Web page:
Gov. Kasich campaigns with U.S. Sen. Portman - Produced by Lynn Hulsey

John Kasich: ‘I’ve said all I need to say about Trump’

“I’ve said all I need to say about Trump. My actions speak louder than my words,” said Kasich, appearing with U.S. Sen. Rob Portman, R-Ohio, at Portman’s Washington Twp. campaign headquarters.

Kasich plans to campaign for some Republican state legislators in Ohio and for U.S. House and Senate candidates in Ohio, New Hampshire, Colorado, Texas, Georgia and Florida. But he said Portman tops his list.

“Rob’s going to win this race. I have no doubt about it,” Kasich said. “It doesn’t even matter what happens at the top of the ticket. I think he’s been able to separate himself and make this race about who he is and what he’s for.”

Portman is running for re-election against former Ohio Gov. Ted Strickland, a Democrat who has made much of the fact that Portman has endorsed Trump, the controversial GOP nominee who a growing list of prominent Republicans say they cannot support.

“Today is a clear and compelling reminder that – by refusing to endorse Donald Trump – Governor Kasich has shown the kind of moral courage and independence that Senator Portman has not,” Strickland said in emailed comments. “Senator Portman’s twisted logic goes something like this: he is so ashamed of Donald Trump that he won’t stand on the same platform with him, but Portman continues to believe Trump should be the President of the United States and even trusts him with the awesome and destructive power of our nuclear weapons.”

Strickland was portrayed by Kasich and Portman as a failed governor who oversaw a decline in jobs and left the state with an $8 billion projected budget deficit and a nearly drained rainy day fund.

But Strickland spokesman David Bergstein said that even though Strickland headed the state during the difficult days of the Great Recession he “put Ohio on the road to economic recovery: he balanced every budget, cut taxes for every Ohioan, and by the time he left office Ohio had the fifth fastest growing economy in the country.”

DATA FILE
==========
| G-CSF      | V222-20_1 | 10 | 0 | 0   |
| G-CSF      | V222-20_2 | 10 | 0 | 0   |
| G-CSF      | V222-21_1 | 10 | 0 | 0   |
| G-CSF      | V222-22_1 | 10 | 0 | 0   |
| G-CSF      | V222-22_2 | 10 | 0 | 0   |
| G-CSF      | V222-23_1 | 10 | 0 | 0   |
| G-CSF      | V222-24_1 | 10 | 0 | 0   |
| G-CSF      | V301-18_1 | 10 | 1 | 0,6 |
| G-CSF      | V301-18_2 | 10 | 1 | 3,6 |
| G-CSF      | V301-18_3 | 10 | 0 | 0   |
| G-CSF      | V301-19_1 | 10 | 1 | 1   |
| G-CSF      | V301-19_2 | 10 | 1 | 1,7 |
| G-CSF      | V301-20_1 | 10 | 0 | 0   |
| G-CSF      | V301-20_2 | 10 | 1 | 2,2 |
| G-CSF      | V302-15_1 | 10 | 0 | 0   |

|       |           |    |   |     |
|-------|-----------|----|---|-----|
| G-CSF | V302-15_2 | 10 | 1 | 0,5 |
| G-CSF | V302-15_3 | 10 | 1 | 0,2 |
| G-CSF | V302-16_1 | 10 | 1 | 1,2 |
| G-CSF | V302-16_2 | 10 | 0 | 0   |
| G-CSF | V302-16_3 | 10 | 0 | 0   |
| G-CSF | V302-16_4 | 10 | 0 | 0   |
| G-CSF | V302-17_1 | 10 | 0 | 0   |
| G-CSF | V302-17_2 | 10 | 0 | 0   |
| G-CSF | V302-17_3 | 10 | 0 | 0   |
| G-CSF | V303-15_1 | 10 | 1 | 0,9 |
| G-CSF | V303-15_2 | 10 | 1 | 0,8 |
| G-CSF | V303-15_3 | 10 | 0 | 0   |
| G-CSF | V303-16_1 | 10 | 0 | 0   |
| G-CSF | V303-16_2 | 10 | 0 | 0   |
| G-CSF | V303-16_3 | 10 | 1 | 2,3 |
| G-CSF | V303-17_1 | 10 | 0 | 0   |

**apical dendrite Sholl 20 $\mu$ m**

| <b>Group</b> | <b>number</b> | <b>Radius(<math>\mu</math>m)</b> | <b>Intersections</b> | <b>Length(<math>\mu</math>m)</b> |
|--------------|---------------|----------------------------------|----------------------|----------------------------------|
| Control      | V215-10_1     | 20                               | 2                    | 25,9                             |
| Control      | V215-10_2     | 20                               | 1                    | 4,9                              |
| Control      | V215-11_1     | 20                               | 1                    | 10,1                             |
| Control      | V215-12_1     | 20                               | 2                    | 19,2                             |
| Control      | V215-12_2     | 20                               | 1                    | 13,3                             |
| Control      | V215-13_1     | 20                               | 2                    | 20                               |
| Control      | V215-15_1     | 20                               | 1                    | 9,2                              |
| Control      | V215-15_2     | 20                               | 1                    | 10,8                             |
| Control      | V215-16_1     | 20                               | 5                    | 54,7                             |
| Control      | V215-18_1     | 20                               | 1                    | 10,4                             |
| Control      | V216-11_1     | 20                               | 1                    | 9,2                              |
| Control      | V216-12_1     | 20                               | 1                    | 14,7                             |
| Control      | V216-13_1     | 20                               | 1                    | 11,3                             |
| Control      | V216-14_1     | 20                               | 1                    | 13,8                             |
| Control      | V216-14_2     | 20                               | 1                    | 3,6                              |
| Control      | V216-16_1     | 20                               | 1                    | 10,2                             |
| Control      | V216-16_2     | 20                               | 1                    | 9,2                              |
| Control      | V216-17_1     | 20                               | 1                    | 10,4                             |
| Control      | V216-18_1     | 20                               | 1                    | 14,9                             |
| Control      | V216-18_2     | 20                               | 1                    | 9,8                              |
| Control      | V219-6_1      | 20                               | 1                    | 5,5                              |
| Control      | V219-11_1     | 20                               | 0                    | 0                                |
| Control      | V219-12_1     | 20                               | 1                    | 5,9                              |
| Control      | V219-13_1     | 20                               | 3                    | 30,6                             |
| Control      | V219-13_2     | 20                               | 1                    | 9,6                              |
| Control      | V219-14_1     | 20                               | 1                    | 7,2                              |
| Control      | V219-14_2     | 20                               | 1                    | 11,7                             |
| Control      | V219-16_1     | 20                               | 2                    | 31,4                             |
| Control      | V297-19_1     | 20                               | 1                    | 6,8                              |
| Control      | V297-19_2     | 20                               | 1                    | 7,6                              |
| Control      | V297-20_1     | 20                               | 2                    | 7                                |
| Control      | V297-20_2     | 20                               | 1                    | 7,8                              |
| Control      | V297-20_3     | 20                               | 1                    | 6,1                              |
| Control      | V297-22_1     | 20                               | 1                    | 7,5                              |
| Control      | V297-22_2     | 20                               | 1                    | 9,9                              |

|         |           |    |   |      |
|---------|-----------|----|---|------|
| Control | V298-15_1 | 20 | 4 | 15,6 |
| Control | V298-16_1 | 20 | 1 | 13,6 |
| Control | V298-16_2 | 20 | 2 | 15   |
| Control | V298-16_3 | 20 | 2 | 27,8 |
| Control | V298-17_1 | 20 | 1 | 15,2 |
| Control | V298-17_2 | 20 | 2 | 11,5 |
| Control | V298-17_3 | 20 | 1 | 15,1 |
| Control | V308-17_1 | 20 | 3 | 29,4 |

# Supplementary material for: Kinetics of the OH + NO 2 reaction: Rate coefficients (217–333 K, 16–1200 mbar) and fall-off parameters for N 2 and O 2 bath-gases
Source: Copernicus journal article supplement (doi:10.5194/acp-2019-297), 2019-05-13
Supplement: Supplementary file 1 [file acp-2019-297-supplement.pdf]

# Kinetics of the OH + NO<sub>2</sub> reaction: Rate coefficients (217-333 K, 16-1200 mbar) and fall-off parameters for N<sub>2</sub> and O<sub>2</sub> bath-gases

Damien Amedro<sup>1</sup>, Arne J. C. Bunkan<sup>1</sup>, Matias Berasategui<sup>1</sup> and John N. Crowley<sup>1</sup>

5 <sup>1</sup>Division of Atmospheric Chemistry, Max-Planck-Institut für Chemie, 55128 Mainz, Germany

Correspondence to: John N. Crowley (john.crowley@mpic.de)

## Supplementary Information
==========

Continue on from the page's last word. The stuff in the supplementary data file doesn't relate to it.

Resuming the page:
Kasich and Portman also took turns praising each other at Thursday’s stop in Montgomery County, which is part of Portman’s RV tour of the state.

“Rob is one of the brightest stars in the U.S. Senate,” said Kasich, emphasizing the importance of keeping Republicans in control of both houses of Congress.

The two met with mostly young volunteers working for Portman’s campaign locally, with Kasich telling them to “realize you are doing something bigger than yourself.”

Portman told the volunteers that their office “has rocked,” making 500,000 calls or door knocks for the campaign.

Volunteer Nicholas Panson, 16, of Bellbrook, said he’s working for Portman because he wants to be more politically involved and is considering a future run for political office.

“I really like hearing from voters about what they’re passionate about and how we can make a difference with what our approach to leadership is,” Panson said.

During comments to the media afterward, Kasich talked about how he plans to spend his last two years as governor. He called for reforming the welfare and job training systems, which he said are not working to get people out of poverty.

“We have incentives on passing things out and very little effort to try to help people get out of the ditch where they find themselves,” Kasich said.

Kasich also said Dayton hasn’t gotten enough attention for being the birthplace of aviation and he wants to name the state’s drone efforts after the Wright brothers.

He said the state needs to continue cutting taxes, balancing budgets and “working on the economy.”

“You don’t think I’m going to go to sleep here in the last two years. I’m just ramping up,” Kasich said.

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